Kustanai horse

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Other namesKustanai
Country of originKazakhstan

The Kustanair (Kazakh: Qostanaı) is a breed of horse developed in Kazakhstan in the former U.S.S.R. in the late 19th and early 20th centuries. They are used mainly for under-saddle and light draft work.


The Kustanair was created at collective farms and state-farm studs in the steppes of western Kazakhstan, with most horses located at the Kustanai and Maikulski studs. The main development breeding took place between 1887 and 1951, when the breed was officially recognized. The breed was created by infusing native Kazakh steppe horses with Thoroughbred, Russian Don, Stralet, and Astrakhan (improved Kalmyk) blood. At the beginning the crossbreeding seemed unsuccessful, but with better management of brood mares and the addition of more Thoroughbred blood, the breed was created in the 1920s. In the 1930s breeding was continued with differences in management (including feed, breeding, and keeping styles) that created two distinct types within the breed.[1]

Breed Characteristics[edit]

The Kustanair generally stands 15 to 15.1 hands high and the coat can be bay, brown, black, chestnut, gray or roan. The breed has a light head with a straight profile, a muscular neck, and prominent withers. The chest is deep and wide, the shoulder long and sloping, the back long and the croup sloping. The legs are well-muscled and long with clean joints and good hooves.[2] The breed is said to be very tough and hardy, with great endurance and stamina. Some members of the breed have more Thoroughbred characteristics than others.[citation needed]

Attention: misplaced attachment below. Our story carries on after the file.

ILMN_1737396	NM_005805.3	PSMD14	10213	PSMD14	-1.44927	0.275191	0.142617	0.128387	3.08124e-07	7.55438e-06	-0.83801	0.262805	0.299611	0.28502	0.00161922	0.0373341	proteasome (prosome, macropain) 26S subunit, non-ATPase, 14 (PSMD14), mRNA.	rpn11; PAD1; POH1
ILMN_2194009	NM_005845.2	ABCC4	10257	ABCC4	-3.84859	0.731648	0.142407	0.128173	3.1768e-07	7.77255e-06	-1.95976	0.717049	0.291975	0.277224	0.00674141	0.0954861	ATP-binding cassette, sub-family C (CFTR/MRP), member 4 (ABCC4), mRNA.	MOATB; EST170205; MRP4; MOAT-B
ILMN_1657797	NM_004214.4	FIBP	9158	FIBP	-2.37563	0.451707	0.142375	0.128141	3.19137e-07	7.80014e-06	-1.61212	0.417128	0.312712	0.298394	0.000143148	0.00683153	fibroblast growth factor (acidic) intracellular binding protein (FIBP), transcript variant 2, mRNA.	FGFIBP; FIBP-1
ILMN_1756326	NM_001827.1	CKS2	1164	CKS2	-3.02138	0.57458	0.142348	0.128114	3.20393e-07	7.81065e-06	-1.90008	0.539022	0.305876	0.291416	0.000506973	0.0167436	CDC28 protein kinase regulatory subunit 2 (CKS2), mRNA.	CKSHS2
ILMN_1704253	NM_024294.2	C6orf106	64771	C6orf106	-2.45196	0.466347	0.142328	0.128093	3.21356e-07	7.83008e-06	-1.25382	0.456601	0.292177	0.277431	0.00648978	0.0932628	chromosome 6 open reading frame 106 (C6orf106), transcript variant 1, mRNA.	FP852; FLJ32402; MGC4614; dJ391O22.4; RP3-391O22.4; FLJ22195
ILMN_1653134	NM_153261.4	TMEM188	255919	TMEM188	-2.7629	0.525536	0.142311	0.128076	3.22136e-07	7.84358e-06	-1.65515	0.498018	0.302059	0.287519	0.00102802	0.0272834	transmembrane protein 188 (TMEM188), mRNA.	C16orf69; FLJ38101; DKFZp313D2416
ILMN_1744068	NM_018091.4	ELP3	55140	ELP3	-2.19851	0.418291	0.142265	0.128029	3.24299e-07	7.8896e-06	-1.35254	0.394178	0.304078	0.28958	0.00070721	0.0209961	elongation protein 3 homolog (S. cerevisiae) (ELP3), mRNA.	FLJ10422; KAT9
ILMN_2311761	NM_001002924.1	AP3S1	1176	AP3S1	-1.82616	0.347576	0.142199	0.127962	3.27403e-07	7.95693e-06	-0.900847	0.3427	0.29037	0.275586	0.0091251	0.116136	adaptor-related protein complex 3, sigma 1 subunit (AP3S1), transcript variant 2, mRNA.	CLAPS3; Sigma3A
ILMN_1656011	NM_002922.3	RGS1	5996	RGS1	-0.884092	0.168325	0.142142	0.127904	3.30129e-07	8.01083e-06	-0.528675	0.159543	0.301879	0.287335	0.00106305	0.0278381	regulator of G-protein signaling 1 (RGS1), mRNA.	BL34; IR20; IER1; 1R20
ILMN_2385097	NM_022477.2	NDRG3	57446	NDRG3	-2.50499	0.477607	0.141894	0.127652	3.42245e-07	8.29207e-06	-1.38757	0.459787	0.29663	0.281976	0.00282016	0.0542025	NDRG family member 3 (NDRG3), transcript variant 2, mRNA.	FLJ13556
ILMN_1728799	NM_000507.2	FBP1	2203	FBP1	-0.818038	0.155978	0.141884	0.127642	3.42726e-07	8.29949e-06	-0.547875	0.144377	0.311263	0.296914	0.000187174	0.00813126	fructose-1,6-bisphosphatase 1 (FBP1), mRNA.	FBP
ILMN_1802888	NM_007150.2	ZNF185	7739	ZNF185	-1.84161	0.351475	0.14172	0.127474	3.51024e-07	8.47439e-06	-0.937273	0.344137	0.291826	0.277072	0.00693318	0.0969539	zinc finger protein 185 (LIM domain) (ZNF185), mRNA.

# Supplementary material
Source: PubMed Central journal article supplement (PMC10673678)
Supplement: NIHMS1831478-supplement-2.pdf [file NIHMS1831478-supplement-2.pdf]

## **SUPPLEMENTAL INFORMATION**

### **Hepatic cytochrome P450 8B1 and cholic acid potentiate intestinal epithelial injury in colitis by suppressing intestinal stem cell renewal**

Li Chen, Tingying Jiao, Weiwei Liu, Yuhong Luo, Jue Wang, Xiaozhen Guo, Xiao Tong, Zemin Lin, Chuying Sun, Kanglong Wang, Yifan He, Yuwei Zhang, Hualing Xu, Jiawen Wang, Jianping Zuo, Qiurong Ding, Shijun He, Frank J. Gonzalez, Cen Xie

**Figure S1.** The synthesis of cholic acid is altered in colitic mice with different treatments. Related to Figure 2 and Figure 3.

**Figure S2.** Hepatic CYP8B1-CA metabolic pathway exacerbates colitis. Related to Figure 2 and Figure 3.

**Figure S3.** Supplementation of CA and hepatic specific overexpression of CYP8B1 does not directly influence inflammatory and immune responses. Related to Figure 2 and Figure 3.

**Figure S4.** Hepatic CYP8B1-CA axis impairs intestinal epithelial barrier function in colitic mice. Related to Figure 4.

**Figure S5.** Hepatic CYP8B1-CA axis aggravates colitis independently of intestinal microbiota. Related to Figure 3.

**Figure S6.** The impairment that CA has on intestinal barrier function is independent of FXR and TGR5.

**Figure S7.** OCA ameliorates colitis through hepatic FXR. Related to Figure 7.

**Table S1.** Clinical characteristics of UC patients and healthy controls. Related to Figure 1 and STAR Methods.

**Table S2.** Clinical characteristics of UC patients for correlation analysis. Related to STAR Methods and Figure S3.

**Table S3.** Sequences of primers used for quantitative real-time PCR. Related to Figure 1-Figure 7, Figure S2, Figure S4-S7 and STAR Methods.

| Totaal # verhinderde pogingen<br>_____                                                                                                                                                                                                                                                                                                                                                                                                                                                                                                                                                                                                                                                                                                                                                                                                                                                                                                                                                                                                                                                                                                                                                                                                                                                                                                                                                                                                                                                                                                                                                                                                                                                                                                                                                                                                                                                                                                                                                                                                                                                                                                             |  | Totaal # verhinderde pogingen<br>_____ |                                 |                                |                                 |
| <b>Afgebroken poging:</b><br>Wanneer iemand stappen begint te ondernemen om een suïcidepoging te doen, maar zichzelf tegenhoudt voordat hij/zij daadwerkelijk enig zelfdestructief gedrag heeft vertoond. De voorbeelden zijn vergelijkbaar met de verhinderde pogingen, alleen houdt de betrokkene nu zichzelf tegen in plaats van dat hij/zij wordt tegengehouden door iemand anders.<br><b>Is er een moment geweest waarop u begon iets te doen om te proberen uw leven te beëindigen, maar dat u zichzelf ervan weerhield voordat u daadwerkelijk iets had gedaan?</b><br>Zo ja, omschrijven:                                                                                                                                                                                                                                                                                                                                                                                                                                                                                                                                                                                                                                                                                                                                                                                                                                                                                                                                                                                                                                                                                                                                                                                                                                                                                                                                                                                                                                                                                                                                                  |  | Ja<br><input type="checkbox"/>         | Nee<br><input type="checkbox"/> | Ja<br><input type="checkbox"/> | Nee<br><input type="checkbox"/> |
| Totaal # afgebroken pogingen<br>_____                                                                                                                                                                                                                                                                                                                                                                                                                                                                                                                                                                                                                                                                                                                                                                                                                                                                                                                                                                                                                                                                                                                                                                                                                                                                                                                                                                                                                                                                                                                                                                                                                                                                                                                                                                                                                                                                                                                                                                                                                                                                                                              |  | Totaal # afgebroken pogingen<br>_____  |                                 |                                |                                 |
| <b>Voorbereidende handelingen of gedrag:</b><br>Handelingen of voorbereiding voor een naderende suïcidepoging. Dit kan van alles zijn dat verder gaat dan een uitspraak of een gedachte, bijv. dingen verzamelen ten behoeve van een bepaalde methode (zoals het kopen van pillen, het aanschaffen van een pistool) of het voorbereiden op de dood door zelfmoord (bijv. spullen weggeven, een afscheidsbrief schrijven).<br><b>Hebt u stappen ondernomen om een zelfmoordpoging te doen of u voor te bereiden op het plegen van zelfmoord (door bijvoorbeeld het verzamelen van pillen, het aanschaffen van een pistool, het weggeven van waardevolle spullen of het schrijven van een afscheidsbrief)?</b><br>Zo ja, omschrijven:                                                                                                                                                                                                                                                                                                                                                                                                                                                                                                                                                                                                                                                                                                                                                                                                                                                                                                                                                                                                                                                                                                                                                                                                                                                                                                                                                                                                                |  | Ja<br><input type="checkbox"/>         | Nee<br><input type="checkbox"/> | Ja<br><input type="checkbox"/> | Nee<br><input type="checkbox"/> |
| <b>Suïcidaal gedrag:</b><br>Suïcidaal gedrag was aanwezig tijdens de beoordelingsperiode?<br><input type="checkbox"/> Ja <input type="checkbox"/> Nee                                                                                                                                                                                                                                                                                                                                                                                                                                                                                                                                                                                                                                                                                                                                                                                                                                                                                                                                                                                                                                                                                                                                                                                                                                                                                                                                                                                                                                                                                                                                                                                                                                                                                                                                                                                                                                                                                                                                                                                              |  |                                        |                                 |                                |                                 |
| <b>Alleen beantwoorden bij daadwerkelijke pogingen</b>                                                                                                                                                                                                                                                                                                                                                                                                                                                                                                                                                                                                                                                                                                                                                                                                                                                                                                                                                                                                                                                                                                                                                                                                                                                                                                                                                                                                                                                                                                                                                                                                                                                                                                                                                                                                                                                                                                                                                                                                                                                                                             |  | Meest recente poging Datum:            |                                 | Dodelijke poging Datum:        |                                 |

Deliberate differences in management styles at the various state studs produced two subtypes with the Kustanair breed. The first type, kept stabled, given better food, and bred very selectively, were saddle-type horses. The second type, kept in the steppes, herd-bred, and left to forage for much of their food, were a hardier type more suited for light draft work.[1]


The breed is used mainly for riding and light draft work.[2]


  1. ^ a b "Kustanai". Oklahoma State University. Referenced January 20, 2008.
  2. ^ a b Bongianni, Maurizio. Simon Simon & Schuster's Guide to Horses and Ponies. & Schuster, Inc., 1988, pg. 66. ISBN 0-671-66068-3

See also[edit]